The Thrill of the Chaste… This evening I heard Dawn Eden* speak at the Fellowship Bible Church, which of course is in Dallas where I am, not in the Zeta Reticuli star system where I am not. Eden is on a book tour for The Thrill of the Chaste, but you might otherwise know her by her weblog, The Dawn Patrol.
A few of the synonyms given for chaste are pure, austere, celibate -- words of rather discreet charm. Slightly better are modest and decent, but the only real frisson one can get from these is in imagining them as reactions to an amorous advance (although the t-shirt Eden was wearing had the encouraging slogan "Modest is hottest").
It's quite difficult to say in a few words precisely what one means by "chastity", not least of all because we lack very many modern cultural indicators of it. What recent movie character has embodied chastity? What popular song contemplates chaste love? What politician or pundit has properly used the word "chaste" in a sentence? Going around talking about chastity seems to invite instant ridicule, as if one were mandating iron girdles and uniformed dating chaperones. Chastity is a complicated word that does not suit our uncomplicated zeitgeist.
Part of chastity is the discipline not to allow sex -- including its obsessive, destructive, and dehumanizing varieties -- to crowd everything else out of our relationships. It is not only or primarily a discipline, although this is close to its popular connotation of meaning abstinence or self-denial. Inherent in the chaste life is the understanding that placing undue emphasis on the pursuit of sex endangers our pursuit of happiness.
Eden defines chastity as intrinsically related to the divine. As she puts it,
In a larger sense, chastity is seeing your sexual nature as part of a three-way relationship -- and no, that isn't what it sounds like. The relationship is between you, your husband -- or, if you're not married, your future husband -- and God. That means if you have sex without one corner of that triangle in place -- with a man who isn't your husband, or with your husband but without faith in God -- the act becomes disconnected from its purpose.
I propose that chastity has relevance even or especially for the irreligious, as it is an aspect of virtue, thereby belonging among the universal aspirations (much as kindness, constancy, compassion, and so on are not essentially religious ideals).
To digress a little, I resist the idea that religion gives us our moral sense, though it is fair to say that for the devout it may lend the believer strength to persevere through moments of temptation in a way that mere ethics or conscience do not. The difference lies in the devotee's sense that his actions are considered important by God, and that to knowingly commit an error is necessarily a matter of spiritual consequence; no atheist can experience quite the same comforting pressure from his abstractions.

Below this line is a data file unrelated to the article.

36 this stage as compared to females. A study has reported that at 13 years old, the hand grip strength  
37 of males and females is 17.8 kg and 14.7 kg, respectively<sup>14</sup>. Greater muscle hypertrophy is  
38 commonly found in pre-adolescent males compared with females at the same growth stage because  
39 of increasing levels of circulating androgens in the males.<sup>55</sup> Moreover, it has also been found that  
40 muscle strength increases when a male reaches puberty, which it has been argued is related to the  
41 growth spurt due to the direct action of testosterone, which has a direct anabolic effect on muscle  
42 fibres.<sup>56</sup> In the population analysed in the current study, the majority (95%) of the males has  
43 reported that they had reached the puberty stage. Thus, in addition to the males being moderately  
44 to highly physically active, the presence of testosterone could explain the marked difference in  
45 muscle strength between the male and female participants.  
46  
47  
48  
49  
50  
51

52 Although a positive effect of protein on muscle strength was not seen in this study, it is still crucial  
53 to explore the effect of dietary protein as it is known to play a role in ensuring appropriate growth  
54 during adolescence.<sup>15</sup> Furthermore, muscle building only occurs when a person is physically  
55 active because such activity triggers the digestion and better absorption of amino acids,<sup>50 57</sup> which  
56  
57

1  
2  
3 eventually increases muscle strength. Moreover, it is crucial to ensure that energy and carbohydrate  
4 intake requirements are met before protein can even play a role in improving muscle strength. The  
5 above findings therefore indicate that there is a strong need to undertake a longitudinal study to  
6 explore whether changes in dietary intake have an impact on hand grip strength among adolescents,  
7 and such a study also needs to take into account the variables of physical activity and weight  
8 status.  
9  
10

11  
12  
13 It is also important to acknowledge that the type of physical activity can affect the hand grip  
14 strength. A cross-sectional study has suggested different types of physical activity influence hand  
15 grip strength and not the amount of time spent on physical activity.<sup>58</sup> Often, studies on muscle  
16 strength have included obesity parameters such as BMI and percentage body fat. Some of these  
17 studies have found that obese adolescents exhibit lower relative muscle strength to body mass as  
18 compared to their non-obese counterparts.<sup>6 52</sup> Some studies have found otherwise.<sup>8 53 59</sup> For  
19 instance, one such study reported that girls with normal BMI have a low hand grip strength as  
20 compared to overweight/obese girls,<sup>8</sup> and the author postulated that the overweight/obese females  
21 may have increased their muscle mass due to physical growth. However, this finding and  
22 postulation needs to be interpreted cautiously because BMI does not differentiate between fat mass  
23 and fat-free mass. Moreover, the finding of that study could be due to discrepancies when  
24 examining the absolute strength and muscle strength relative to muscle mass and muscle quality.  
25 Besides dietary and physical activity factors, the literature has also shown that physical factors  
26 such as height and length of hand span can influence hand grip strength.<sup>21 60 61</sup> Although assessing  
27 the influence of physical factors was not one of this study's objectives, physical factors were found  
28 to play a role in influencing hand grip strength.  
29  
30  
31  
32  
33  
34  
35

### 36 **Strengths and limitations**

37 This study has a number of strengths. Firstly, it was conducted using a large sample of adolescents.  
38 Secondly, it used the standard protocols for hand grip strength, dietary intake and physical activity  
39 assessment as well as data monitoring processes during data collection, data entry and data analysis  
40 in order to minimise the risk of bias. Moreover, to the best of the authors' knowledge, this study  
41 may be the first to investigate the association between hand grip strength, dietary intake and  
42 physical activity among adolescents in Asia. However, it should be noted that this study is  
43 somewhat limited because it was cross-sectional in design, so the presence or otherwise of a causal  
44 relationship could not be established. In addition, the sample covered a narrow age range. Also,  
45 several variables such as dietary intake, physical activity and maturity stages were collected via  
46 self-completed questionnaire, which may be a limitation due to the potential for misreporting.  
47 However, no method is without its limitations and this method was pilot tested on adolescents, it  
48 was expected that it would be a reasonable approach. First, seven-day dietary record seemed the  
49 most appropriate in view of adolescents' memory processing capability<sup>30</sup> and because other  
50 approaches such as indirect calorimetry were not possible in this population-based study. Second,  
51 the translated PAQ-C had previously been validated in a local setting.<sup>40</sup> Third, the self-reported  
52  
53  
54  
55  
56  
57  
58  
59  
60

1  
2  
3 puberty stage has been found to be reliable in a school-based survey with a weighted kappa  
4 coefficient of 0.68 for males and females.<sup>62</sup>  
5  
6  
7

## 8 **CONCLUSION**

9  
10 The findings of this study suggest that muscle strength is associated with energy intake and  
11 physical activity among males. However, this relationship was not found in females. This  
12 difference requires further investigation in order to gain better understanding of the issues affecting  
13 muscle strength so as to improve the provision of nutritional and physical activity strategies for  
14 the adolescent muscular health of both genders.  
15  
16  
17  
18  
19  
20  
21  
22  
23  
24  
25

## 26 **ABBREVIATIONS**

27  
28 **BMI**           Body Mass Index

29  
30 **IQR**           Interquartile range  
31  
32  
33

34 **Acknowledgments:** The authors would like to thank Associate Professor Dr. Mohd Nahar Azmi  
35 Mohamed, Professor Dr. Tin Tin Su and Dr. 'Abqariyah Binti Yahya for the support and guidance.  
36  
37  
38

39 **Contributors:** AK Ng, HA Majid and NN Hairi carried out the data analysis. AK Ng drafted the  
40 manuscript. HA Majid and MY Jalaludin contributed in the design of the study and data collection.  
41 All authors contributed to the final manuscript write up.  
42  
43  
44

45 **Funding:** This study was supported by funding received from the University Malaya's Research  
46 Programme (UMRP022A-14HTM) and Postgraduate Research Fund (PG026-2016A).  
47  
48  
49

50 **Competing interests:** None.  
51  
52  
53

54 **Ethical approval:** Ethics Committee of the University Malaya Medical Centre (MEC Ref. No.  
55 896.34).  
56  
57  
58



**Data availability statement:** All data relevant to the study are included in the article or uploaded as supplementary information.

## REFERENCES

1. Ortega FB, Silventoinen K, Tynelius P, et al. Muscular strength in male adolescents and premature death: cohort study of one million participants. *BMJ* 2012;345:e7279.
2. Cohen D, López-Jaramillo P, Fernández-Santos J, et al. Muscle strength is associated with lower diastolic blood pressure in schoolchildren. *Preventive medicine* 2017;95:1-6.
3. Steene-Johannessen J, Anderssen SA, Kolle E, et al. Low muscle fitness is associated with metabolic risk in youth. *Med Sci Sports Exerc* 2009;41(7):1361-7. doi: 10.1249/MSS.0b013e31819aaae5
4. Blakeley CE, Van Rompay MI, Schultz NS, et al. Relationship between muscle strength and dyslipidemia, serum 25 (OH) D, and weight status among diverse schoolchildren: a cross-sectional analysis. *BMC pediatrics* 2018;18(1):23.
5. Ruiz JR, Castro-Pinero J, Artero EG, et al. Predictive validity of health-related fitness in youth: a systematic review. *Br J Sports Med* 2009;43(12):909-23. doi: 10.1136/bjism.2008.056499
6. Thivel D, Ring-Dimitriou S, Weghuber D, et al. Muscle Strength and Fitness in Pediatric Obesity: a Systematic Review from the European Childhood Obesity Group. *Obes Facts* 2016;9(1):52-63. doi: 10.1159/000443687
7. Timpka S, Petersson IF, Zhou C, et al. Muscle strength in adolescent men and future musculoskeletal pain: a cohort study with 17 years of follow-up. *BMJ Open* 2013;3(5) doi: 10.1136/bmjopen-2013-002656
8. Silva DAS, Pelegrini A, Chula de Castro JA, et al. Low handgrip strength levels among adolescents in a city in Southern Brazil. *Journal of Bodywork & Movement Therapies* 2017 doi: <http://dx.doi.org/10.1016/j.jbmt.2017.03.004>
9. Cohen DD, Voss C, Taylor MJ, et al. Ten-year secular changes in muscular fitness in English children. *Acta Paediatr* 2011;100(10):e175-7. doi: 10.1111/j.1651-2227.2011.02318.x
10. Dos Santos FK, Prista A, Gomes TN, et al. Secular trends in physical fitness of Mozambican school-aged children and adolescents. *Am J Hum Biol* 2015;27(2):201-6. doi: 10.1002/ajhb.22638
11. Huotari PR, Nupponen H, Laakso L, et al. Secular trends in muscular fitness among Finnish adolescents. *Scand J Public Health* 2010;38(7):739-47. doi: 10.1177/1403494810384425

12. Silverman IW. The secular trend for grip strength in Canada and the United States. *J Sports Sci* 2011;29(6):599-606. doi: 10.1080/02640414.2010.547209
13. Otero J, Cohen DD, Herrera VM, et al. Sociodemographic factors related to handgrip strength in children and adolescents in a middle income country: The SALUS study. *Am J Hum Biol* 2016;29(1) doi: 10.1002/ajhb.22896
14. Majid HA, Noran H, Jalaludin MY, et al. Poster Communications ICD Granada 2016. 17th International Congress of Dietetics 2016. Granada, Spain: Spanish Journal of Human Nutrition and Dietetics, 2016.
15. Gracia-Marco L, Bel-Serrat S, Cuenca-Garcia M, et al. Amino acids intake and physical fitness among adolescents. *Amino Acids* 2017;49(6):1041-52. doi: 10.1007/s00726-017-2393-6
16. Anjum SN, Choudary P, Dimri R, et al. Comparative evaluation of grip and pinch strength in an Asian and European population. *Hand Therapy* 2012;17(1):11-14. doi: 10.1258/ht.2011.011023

All the more reason then for the atheist to consider his morality and subject it to strenuous judgement, rather than the easy-going tolerance of all moral choices, of the type which finds that aborting a fetus is as praiseworthy as raising a child or making fun of a Christian. This repulsive carelessness which atheists are especially prone to is better labeled amorality, and is usually more concerned with self-comfort than leading a good life (which for our "tolerant" moralists is quite difficult).
For all that can be said about or against religion, there is something in its philosophy which is comforting. There is an idealism in its expressiveness that is nearly or perhaps wholly absent in the worldview of the atheist. As Eden writes, "The other experience, chastity, relies on faith that God, as you pursue a closer walk with Him, will lead you to a loving husband." One is drawn to this description of a meaningful voyage through life, which requires a mind open to careful examination -- atheists, without this spiritual anchor, must be more wary of tethering their ethics to transient enthusiasms, moreso when considering matters of sexual morality.
The same snares lie on the paths of the religious and the irreligious. We are encouraged to conclude that well-being is merely freedom from unhappiness. We are uncomfortable and impatient with any check on our freedom, especially sexual freedom, which we exercise by behaving as if sex has little meaning or value beyond physical pleasure.
Why take seriously this preposterous, outdated concept of chastity -- symbolized and degraded in the chastity belt as a form of mindless self-denial? Is this not akin to the "abstinence education" pushed upon schoolchildren by fanatics?
How little we know our sexual selves, and how much less we know with each passing day as we are enjoined to accept ever more bizarre permutations of sexual love (or "love") as perfectly normal, perfectly healthy. There is somewhere in our fascination with all these permutations, most of which are useless except as fillips to a jaded appetite, evidence that we have completely lost sense of the place that sex has in a healthy life.